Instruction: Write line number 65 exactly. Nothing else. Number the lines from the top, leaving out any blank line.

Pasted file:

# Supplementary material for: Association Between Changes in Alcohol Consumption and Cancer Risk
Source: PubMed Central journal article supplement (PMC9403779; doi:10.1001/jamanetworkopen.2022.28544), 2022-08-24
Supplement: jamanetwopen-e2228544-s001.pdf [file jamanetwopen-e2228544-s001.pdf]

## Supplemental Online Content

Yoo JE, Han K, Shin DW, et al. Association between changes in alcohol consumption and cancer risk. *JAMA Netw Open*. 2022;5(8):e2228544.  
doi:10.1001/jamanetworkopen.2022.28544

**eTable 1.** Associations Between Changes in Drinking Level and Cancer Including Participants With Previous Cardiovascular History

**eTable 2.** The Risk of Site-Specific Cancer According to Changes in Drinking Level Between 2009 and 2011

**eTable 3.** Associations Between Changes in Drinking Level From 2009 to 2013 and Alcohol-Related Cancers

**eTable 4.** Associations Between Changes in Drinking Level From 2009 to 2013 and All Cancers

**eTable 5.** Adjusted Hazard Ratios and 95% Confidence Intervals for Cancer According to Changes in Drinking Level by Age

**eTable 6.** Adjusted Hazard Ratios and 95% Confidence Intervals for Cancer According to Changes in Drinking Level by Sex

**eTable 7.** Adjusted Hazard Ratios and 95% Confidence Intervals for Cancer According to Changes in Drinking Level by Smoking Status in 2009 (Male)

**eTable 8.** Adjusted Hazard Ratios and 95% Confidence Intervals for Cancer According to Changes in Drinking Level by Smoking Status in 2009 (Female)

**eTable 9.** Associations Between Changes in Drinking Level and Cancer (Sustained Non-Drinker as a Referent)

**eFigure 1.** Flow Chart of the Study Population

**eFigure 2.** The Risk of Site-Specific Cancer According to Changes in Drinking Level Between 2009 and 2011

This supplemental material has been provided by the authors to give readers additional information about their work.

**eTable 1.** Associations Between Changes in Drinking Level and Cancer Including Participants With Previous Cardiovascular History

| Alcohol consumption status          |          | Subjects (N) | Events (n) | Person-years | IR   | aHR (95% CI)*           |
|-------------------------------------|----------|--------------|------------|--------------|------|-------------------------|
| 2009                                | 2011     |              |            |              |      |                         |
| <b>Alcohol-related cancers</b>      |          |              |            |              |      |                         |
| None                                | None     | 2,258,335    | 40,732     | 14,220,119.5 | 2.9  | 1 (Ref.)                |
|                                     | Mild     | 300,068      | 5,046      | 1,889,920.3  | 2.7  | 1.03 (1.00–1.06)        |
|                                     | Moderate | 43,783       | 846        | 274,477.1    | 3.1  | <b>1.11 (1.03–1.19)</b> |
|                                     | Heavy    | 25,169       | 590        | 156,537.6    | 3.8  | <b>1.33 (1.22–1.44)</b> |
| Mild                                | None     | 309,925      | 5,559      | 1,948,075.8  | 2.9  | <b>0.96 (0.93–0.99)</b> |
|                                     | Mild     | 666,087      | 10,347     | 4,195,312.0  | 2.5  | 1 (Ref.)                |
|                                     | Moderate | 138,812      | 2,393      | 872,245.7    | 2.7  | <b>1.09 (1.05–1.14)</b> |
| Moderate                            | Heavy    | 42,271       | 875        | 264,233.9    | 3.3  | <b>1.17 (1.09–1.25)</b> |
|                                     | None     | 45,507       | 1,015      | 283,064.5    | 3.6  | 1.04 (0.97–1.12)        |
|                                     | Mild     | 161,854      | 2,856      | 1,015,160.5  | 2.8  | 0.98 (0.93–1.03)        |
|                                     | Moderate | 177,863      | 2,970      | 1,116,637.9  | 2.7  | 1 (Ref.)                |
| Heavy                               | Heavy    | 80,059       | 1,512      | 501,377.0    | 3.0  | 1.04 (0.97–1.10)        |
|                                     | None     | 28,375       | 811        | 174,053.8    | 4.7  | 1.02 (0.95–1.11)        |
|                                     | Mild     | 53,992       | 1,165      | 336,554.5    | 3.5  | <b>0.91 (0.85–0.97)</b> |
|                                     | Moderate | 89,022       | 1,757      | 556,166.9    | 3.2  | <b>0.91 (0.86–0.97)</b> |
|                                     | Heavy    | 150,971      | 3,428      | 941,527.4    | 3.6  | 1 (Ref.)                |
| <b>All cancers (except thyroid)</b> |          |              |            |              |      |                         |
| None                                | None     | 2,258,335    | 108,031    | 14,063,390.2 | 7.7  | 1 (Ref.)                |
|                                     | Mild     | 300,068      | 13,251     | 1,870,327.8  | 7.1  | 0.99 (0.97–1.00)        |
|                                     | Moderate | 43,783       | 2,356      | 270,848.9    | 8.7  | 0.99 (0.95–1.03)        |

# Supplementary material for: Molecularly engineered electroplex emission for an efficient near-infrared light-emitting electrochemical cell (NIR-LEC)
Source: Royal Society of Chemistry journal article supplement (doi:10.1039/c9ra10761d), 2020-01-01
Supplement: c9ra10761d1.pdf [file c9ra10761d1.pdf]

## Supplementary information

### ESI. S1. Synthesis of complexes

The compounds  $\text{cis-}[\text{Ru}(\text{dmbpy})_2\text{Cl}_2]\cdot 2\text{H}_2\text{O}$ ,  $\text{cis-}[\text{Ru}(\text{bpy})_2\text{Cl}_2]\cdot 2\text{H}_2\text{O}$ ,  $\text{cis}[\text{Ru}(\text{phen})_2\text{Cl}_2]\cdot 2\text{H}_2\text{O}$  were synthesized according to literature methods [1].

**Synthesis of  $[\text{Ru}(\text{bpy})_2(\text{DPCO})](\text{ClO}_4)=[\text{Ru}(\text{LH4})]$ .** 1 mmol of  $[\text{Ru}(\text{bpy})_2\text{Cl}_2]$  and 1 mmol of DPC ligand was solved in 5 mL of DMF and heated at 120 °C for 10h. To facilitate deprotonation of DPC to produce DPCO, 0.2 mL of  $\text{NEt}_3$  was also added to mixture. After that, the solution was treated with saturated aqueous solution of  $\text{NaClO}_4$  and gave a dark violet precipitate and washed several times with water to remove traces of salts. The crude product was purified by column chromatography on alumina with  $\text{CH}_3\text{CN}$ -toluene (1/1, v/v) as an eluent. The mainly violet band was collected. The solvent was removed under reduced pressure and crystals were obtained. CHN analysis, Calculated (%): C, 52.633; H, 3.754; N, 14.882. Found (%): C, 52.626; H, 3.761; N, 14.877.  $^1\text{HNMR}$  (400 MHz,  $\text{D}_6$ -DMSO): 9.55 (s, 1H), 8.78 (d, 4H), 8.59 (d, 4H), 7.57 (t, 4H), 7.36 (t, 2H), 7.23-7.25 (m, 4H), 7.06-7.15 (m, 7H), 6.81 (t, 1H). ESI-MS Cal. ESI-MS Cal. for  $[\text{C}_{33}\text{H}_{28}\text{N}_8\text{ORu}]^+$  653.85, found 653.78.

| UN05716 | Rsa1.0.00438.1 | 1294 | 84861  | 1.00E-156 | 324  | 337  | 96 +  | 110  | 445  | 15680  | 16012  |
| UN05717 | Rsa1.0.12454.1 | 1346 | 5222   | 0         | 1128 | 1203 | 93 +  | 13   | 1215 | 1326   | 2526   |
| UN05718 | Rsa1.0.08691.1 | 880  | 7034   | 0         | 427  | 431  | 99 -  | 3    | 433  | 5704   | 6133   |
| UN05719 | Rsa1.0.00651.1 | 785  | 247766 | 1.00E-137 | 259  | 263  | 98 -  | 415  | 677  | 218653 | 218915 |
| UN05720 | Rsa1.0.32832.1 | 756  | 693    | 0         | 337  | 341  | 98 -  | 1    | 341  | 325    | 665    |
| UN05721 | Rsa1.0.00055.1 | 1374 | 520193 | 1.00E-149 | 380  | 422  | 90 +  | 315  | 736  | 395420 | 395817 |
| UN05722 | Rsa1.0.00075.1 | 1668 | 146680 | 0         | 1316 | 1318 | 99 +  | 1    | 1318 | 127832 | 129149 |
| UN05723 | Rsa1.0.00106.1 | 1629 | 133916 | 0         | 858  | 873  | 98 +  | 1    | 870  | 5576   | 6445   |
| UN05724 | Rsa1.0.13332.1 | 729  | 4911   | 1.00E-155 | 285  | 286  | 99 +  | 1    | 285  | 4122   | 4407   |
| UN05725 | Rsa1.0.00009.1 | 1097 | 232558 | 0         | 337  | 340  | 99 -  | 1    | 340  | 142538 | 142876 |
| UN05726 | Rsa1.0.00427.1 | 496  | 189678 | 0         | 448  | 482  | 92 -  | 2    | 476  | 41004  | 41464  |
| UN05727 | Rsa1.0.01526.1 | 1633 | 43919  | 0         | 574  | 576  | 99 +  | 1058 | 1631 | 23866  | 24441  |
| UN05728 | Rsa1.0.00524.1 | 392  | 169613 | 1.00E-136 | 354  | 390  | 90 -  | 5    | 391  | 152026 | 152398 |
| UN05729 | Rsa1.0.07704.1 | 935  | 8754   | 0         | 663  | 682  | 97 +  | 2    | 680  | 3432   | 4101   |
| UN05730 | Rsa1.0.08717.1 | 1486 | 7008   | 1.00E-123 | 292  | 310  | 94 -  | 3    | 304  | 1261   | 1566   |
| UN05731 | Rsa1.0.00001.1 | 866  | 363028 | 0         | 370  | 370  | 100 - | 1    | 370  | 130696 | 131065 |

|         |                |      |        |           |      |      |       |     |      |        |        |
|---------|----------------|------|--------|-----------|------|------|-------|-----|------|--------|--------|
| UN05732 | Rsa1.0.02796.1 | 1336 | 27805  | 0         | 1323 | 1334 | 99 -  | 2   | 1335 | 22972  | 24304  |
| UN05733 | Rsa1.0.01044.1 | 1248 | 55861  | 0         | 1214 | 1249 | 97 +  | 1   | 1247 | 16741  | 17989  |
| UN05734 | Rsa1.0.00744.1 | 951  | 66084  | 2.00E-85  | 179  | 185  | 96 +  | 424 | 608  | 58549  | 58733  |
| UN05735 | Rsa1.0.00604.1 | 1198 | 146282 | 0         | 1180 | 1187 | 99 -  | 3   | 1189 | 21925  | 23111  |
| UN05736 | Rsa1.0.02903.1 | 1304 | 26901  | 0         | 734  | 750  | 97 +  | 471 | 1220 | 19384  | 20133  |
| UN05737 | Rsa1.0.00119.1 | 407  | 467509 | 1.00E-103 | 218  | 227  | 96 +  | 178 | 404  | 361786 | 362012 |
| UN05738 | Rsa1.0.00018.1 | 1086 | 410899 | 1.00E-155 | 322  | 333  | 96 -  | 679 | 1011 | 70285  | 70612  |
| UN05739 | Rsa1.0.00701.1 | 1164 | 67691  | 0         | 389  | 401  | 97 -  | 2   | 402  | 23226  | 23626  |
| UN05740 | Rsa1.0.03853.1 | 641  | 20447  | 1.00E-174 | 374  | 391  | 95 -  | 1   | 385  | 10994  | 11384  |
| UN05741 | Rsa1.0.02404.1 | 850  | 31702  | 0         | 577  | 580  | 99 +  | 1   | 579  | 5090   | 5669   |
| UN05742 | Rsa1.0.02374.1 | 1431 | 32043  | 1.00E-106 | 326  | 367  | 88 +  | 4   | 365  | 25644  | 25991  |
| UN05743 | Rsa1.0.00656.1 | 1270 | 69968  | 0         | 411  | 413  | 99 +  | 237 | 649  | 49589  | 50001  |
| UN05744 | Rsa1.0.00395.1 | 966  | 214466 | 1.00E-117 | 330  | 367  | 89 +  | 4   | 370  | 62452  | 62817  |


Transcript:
| UN05730 | Rsa1.0.08717.1 | 1486 | 7008   | 1.00E-123 | 292  | 310  | 94 -  | 3    | 304  | 1261   | 1566   |